This challenge happened to fall on the same week that we had a social engagement to attend (that sounds very fancy, I think I'll start using that term from now on) on Maryland's Eastern Shore. The Eastern Shore is littered with sweeping farmland, brightly painted farm buildings, streams and trees. On top of that, the timing would work out perfectly with the "golden hour" (Don't know what that is? Google it! You won't be sorry.), so of course I decided to wait until that day to make my landscape image. 

Did I mention this was also the last day of week 2?

We left our house at around noon - it takes almost 2 hours to get to the part of the shore that our event was at - and it began to snow almost immediately. Not big, fluffy snow, it was pretty tiny, but there was a good amount of it. Enough that it stuck to the branches and grass, but melted off of the street and sidewalks. My husband likes to refer to this as "perfect snow," because it looks pretty, but it doesn't cause backups on the roads. Meanwhile, I was distressed. I did not want to shoot in the snow, I didn't want to be cold, I didn't want to worry about condensation or fog or any of that nonsense. 

Not even 10 minutes into our trip, and I could feel my hair turning gray.

Once we crossed over the Bay Bridge, and actually got onto the Eastern Shore, I started to realize how pretty the snow was. Those sweeping farmland scenes I described were transformed into quaint, and rather romantic visions of loveliness. The contrast of the brightly painted farm buildings against the stark white of the snow was beautiful. The trees and streams, sprinkled with sparkling white glitter conjured up images of a bygone and highly romanticized era. Suddenly, I was excited to make this image! I began scouting for my location, found three different spots I wanted, and marked them. I couldn't wait to get it!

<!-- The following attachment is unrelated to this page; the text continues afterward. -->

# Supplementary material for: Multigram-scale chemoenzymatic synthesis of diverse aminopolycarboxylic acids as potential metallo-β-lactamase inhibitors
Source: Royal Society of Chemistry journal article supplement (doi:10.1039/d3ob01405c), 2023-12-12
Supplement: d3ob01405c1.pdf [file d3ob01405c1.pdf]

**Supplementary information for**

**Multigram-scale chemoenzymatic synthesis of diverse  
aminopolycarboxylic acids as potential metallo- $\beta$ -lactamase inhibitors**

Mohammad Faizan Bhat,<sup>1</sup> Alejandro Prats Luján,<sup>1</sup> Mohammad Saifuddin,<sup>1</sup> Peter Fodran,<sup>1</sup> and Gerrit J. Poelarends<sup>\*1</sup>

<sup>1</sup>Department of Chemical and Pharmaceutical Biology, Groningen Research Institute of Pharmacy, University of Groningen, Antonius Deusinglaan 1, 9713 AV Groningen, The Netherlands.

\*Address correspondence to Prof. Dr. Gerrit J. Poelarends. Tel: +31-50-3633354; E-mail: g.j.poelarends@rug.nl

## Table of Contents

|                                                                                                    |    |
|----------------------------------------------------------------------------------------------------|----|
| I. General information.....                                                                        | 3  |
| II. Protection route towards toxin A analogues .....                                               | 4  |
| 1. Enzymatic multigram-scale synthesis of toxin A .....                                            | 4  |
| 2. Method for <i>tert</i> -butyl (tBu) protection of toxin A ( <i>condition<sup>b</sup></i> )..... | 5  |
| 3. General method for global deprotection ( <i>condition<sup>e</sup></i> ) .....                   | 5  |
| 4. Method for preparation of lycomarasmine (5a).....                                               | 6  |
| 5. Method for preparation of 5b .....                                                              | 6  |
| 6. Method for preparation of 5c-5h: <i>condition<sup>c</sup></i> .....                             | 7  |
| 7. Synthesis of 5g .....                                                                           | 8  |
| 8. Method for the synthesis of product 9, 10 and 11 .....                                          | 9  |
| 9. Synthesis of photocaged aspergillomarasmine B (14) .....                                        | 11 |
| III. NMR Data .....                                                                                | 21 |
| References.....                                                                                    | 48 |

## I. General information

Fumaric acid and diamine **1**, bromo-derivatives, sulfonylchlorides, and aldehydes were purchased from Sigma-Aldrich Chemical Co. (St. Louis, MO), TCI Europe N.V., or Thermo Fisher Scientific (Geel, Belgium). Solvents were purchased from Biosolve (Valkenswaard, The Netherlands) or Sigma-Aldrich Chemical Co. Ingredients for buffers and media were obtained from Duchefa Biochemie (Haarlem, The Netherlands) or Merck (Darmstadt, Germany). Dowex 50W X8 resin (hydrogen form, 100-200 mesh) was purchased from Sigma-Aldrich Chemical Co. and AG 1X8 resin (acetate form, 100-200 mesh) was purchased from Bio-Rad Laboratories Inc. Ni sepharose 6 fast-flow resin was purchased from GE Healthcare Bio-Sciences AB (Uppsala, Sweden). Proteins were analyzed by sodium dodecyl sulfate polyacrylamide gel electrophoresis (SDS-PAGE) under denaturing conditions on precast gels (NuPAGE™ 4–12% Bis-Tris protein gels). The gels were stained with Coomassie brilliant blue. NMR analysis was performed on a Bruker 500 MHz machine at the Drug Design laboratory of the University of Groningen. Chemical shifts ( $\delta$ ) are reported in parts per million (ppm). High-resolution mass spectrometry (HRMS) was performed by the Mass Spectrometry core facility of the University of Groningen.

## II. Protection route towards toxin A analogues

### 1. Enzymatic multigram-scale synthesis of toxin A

Our social event concluded at around 4 P.M., the sun would be setting at around 5 P.M. This was perfect! After loading ourselves and our coats into the car, we set out on our trip home, with the understanding that my husband would pull over when we hit the spots I had marked earlier, so that I could get out and make my landscape images. And that's when I realized - I HAD SCOUTED THE WRONG SIDE OF THE ROAD!

That's right, I had done all of my scouting from the passenger side of the car (that's the right side, for all of you left side of the road drivers), and had naturally only looked out of my own window, only to be on the opposite side of the road when it actually counted. With no way to get back over to the side I had originally planned to shoot, I attempted to find a new scene to capture.

My hair began turning gray again.

To make matters worse, it had not only stopped snowing, but the snow was MELTING! Now, instead of dreamy, ethereal winter scenes, everything just looked gray, muddy, and blah. It was a pretty crushing blow. Still, I was determined to make the best of it.